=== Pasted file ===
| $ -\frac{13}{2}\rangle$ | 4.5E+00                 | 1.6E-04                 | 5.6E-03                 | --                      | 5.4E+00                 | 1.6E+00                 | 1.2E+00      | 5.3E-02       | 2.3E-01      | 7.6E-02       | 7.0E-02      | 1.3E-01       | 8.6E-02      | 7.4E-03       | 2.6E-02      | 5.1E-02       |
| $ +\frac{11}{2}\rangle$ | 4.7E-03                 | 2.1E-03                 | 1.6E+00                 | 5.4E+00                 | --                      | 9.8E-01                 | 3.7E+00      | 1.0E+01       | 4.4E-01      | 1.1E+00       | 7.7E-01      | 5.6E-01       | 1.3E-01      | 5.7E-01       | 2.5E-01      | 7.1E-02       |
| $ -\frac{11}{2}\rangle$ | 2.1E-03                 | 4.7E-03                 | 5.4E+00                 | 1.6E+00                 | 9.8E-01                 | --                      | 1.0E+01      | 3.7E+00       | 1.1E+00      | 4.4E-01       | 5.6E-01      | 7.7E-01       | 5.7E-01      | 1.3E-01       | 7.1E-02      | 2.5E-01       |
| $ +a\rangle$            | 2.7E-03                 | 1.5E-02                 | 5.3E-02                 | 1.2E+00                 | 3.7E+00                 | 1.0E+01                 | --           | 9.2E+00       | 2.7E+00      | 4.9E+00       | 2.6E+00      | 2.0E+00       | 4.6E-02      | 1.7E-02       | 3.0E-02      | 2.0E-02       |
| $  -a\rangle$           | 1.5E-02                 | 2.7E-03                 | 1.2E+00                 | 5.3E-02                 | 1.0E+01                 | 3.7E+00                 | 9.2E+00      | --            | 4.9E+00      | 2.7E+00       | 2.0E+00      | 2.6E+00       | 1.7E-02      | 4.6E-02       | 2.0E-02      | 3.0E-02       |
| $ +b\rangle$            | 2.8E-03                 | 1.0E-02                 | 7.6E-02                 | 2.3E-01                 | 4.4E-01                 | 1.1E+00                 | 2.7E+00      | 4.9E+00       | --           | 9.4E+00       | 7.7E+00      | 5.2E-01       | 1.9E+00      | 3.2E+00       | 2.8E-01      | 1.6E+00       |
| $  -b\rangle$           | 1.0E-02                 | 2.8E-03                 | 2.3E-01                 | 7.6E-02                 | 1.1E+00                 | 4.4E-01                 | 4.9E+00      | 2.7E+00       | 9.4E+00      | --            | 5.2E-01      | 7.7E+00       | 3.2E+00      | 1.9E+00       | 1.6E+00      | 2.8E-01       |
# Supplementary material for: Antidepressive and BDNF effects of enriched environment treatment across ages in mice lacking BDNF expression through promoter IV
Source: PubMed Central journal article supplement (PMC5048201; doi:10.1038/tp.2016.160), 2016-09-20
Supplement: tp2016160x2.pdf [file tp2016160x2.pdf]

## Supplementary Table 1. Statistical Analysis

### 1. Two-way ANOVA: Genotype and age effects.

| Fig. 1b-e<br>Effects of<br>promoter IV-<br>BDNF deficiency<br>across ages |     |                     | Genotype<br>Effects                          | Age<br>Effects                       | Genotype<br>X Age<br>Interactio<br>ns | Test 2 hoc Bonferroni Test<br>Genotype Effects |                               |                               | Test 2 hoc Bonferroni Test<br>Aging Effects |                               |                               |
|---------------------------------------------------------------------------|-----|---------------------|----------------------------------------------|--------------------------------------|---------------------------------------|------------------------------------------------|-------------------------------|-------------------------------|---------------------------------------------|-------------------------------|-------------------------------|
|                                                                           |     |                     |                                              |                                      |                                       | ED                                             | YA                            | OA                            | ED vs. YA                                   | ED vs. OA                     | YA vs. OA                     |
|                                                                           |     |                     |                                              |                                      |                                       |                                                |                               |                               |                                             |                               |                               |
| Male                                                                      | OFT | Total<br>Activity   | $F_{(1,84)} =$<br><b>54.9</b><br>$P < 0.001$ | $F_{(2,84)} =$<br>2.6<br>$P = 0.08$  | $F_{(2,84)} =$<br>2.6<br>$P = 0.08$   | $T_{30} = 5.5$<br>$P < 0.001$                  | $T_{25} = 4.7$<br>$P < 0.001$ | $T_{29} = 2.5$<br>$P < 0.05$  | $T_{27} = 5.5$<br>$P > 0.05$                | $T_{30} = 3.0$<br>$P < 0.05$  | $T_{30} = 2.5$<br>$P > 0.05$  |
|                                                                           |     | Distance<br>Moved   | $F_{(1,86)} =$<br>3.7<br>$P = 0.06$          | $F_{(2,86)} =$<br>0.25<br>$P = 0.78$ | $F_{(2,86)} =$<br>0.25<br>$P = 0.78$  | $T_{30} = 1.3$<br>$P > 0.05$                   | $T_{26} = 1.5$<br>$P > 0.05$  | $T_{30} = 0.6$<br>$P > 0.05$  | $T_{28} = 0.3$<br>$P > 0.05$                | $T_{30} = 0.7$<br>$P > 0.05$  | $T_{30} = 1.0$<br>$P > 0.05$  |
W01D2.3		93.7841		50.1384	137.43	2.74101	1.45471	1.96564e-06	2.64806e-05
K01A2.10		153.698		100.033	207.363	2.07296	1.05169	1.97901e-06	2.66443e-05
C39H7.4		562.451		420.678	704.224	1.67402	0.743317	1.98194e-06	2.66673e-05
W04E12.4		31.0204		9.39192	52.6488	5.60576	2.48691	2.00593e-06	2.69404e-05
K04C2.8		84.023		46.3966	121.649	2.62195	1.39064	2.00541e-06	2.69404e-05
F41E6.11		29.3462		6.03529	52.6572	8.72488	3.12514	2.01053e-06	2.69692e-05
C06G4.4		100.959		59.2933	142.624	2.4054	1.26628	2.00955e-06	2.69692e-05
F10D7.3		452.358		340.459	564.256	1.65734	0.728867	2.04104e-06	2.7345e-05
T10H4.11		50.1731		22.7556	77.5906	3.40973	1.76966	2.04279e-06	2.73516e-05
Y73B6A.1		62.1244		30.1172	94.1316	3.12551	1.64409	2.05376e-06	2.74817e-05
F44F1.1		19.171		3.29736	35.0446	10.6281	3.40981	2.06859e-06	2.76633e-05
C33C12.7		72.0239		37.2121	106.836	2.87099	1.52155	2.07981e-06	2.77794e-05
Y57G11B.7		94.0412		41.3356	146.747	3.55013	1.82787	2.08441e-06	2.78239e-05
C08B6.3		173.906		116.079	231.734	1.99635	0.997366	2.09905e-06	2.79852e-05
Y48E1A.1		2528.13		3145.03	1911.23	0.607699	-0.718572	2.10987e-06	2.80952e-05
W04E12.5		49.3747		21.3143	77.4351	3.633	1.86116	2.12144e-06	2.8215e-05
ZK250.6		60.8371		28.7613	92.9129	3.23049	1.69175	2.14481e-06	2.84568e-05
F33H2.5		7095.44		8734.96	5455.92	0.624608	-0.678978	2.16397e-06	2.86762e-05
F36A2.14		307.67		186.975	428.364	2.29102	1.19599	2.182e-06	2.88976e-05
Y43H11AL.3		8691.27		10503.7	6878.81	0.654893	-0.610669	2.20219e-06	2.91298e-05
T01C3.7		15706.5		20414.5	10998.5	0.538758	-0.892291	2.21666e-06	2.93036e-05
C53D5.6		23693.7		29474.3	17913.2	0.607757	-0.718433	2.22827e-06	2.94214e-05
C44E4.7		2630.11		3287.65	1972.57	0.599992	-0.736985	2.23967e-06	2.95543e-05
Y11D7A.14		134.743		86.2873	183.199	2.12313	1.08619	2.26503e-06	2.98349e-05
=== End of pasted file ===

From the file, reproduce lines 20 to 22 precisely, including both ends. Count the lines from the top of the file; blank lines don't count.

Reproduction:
K01A2.10		153.698		100.033	207.363	2.07296	1.05169	1.97901e-06	2.66443e-05
C39H7.4		562.451		420.678	704.224	1.67402	0.743317	1.98194e-06	2.66673e-05
W04E12.4		31.0204		9.39192	52.6488	5.60576	2.48691	2.00593e-06	2.69404e-05